Software Development, Tip of the Day

There were build errors. Would you like to continue and run the last successful build?

Oh, Would I! Could I really do that?!?  Well yes, but I cannot think of any situation where I would want to do this. I’m not saying there isn’t a time I might conceivably possibly maybe actually want this, but I can’t think of it right now and I’ve not come across that situation for as long as I can remember getting this stupid dialog..

Now, obviously you can press the “Do not show this dialog again” and press “No” and it will remember that as your default choice. However, what if, like me, you were a bit ham fisted and accidentally pressed “Yes” and then wonder why your latest changes simply don’t work. How do I fix that? There’s no dialog any more.

The setting is accessible from Visual Studio’s Options dialog. You can get to by going to Tools–>Options:

In the options dialog go to Projects and Solutions—>Build and Run

There you will see the option "On Run, when build or deployment errors occur:" and a drop down indicating the action. Change the drop down to "Do not launch" in order to ensure that your application does not launch when a build error occurs.

While we are here, do you ever want to run your application when the projects are out of date? I can’t think of any time I’ve wanted to do that. There is an option to stop prompting you do do that and just “always build” in that case.

Once you’ve made your changes, press “OK” to save the changes.

Software Development

Node.js – Setting up a basic development environment

Node.js is a platform for executing JavaScript outside of the browser. It runs on the Google V8 engine which effectively means it is cross platform as it can run on Windows, Mac OS X, and Linux.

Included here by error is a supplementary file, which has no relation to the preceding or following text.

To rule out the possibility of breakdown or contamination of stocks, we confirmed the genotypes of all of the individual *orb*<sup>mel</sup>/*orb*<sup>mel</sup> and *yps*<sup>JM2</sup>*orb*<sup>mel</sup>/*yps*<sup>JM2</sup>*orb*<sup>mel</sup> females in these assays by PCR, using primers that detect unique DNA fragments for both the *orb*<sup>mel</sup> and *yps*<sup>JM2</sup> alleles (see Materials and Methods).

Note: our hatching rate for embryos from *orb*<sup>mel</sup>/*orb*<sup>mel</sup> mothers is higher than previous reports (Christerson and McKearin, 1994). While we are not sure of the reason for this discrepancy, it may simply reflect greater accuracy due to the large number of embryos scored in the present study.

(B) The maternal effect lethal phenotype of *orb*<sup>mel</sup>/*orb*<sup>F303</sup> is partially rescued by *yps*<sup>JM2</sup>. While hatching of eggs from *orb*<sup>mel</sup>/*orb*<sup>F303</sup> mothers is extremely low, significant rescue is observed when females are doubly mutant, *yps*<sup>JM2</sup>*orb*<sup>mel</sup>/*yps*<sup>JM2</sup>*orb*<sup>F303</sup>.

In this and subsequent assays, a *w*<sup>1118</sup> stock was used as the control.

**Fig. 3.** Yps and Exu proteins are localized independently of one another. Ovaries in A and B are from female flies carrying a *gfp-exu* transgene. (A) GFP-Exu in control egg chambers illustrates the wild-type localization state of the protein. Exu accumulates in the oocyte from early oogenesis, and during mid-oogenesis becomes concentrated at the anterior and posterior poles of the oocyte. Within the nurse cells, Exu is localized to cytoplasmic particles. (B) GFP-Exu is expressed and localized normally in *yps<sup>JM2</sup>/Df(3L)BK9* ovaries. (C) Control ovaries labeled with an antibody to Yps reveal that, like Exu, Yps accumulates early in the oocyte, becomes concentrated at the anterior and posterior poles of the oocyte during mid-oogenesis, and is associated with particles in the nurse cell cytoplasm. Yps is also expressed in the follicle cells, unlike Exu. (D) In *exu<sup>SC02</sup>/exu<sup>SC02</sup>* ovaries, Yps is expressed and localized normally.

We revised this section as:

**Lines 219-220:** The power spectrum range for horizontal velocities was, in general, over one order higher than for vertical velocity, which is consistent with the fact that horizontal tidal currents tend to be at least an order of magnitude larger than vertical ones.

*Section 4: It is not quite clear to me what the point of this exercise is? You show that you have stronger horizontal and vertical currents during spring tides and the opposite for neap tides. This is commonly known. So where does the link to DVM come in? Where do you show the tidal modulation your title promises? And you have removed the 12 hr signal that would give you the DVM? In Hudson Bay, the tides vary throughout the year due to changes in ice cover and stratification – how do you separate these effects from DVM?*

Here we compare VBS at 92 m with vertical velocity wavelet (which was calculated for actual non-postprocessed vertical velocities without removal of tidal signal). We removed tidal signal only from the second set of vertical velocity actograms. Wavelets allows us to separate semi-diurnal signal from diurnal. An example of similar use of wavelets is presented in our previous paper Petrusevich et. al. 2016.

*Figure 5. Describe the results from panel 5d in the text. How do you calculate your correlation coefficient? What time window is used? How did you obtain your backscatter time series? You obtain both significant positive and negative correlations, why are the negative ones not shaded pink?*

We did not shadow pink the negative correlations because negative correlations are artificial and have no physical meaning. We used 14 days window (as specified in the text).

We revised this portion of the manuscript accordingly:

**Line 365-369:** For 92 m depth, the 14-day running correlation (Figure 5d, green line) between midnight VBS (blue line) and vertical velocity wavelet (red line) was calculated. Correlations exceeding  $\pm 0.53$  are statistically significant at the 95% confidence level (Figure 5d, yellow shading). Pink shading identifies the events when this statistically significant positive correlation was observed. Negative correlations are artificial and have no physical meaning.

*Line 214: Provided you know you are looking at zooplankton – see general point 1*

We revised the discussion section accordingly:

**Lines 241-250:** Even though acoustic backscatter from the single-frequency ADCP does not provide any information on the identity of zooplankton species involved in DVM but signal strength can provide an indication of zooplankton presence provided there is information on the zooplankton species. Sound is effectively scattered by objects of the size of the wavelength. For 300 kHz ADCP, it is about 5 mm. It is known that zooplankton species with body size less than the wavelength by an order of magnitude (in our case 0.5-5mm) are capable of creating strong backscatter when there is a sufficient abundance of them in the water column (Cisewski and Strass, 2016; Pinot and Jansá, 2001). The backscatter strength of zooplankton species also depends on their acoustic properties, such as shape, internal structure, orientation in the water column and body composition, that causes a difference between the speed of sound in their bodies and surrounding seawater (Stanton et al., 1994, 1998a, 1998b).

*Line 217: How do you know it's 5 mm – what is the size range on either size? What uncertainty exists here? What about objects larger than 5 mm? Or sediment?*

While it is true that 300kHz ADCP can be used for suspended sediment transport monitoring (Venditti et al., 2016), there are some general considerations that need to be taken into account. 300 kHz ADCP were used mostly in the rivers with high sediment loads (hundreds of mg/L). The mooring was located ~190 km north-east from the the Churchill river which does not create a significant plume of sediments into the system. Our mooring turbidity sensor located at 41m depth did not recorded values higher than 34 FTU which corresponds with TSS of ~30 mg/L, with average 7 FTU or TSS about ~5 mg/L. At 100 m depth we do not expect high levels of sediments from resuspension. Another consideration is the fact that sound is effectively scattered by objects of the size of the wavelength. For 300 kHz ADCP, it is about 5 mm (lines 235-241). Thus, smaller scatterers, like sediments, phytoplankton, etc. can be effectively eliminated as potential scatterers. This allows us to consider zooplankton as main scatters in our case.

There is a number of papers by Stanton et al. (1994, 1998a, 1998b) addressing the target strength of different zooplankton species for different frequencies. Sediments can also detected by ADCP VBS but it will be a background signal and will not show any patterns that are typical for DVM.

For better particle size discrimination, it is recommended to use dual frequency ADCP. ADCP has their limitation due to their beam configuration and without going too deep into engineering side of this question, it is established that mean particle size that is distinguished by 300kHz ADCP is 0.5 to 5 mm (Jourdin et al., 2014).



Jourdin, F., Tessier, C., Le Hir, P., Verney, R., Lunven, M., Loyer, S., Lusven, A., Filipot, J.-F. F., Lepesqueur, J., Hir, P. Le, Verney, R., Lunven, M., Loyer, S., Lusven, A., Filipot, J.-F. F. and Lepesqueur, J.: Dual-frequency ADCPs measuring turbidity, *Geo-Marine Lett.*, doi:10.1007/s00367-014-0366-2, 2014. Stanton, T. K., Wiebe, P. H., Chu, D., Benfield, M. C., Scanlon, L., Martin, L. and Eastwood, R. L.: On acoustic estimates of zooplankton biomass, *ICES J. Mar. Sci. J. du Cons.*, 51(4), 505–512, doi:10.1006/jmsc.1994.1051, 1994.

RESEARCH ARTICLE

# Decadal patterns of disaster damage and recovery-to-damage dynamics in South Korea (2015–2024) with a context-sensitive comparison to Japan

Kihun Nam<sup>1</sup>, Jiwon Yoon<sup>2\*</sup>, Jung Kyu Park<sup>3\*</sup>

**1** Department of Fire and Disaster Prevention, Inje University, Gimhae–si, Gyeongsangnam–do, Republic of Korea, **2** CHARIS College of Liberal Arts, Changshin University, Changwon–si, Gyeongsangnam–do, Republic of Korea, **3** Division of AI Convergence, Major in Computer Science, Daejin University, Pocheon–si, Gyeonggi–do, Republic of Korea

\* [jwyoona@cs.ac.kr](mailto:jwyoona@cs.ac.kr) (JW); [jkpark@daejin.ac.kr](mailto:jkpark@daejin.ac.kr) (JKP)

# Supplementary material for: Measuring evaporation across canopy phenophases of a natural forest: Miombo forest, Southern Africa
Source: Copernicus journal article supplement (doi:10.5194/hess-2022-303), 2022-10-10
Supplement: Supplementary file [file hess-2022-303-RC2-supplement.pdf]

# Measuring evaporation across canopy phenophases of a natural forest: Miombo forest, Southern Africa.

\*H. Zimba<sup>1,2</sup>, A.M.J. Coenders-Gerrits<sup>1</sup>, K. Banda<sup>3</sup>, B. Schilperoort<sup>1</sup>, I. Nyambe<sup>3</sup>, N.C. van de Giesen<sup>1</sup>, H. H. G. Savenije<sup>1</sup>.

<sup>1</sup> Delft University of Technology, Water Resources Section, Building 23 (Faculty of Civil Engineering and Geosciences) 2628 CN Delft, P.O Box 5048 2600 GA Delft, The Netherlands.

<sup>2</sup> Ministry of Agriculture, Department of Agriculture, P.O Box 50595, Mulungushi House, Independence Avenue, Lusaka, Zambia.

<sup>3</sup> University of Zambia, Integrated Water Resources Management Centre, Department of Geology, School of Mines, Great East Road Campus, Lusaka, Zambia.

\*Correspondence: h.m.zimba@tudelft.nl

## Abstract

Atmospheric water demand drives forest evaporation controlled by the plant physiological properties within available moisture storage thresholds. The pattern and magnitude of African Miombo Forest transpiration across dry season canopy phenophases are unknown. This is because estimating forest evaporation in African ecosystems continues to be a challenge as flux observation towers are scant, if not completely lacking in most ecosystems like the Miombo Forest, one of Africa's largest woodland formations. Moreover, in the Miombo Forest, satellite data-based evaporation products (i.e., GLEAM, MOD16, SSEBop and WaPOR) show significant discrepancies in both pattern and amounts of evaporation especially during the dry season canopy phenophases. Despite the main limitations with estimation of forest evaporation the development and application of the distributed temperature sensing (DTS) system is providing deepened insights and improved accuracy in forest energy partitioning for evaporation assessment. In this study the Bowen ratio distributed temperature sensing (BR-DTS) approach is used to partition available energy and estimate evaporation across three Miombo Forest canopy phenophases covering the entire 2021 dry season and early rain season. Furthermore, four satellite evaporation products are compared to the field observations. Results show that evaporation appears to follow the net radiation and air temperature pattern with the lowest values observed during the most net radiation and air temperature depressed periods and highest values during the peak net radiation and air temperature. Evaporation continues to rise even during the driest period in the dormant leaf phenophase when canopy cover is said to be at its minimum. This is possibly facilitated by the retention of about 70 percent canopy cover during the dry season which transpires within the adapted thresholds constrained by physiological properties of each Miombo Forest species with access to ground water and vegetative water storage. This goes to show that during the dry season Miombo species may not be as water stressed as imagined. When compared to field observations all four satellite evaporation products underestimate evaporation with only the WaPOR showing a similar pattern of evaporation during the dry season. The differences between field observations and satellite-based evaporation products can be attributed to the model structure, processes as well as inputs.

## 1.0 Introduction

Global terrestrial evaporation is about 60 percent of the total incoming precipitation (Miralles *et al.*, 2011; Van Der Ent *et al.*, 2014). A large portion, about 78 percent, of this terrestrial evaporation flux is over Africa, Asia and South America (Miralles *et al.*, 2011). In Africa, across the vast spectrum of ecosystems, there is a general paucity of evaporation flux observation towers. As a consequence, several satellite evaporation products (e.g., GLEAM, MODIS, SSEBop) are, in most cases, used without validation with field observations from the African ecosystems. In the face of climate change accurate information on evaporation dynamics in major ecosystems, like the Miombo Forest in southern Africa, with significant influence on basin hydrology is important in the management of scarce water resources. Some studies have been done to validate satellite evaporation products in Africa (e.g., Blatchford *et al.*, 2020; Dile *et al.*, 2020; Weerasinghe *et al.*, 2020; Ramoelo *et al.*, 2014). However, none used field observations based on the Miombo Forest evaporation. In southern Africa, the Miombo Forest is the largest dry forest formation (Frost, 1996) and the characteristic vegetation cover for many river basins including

Since JavaScript written for Node.js is running on one platform issues that plague browser based JavaScript does not occur on Node.js. There are no “Browser Compatibility” issues. It simply runs ECMAScript 5.

Installing

To install Node.js download the installer from the node.js homepage. The “Install” button should give you the correct installer for the platform you are on, but if not, or your are downloading for a different platform you can get a list of each download available, including source code.

One thing I really like about the windows installer is that it offers to add Node.js to the PATH. Something that more developer tools should do.

Writing JavaScript for Node.js

While you can use a basic text editor, or even a more sophisticated text editor, IDEs are also available for writing node.js.

IDE – Node.js Tools for Visual Studio

There is a plug in for Visual Studio that is in beta (at the time of writing) which allows you to create node.js projects. This is very useful if you are doing cross platform development interacting with .NET based applications, or if you are simply used to working with Visual Studio. I like this option because I’ve been working with Visual Studio since version 2.1 (that came out in the early-to-mid-90s).

To get the extension for the Node.js tools for Visual Studio, go to http://nodejstools.codeplex.com/. If you don’t want to default download (which is for the latest version of visual studio) go to the downloads tab and select the appropriate download for your version of Visual Studio.

In the future, I would expect it to be available directly in Visual Studio through the Tools->Extensions and Updates… manager.

Once installed, you can create a new node.js project in the same way you’d create any new project. The Extension will have added some extra options in to the New Project dialog.

You can set break-points, examine variables, set watches and so on. The following is an example of a very simple Hello World application with a break point set and the local variables showing up in the panel at the bottom.

IDE – JetBrains Web Storm

If you don’t already have Visual Studio it may be an expensive option. JetBrains Web Storm is another IDE that allows you to create Node.js applications with a similar set of features to the Visual Studio extension above. Personally, I find Web Storm a little clunky but it works across Windows, Mac OS X, and Linux. If you don’t already have access to Visual Studio it is a much less expensive too.

Text Editors

Besides IDEs you can always use text editors. Some are more advanced than others.

The text editor I hear most about these days is Sublime, which can be more expensive than WebStorm depending on the license needed.  Sublime is a very nice looking text editor and it has its own plug-in system so can be extended, but for roughly the same money you could get a fully featured IDE.

Summary

I’ve not really gone all that much into the text editors available that support developing for JavaScript with Note.js because I don’t feel they really add much. A fully featured IDE with refactoring support is much more important to me. Maybe installing ReSharper corrupted me.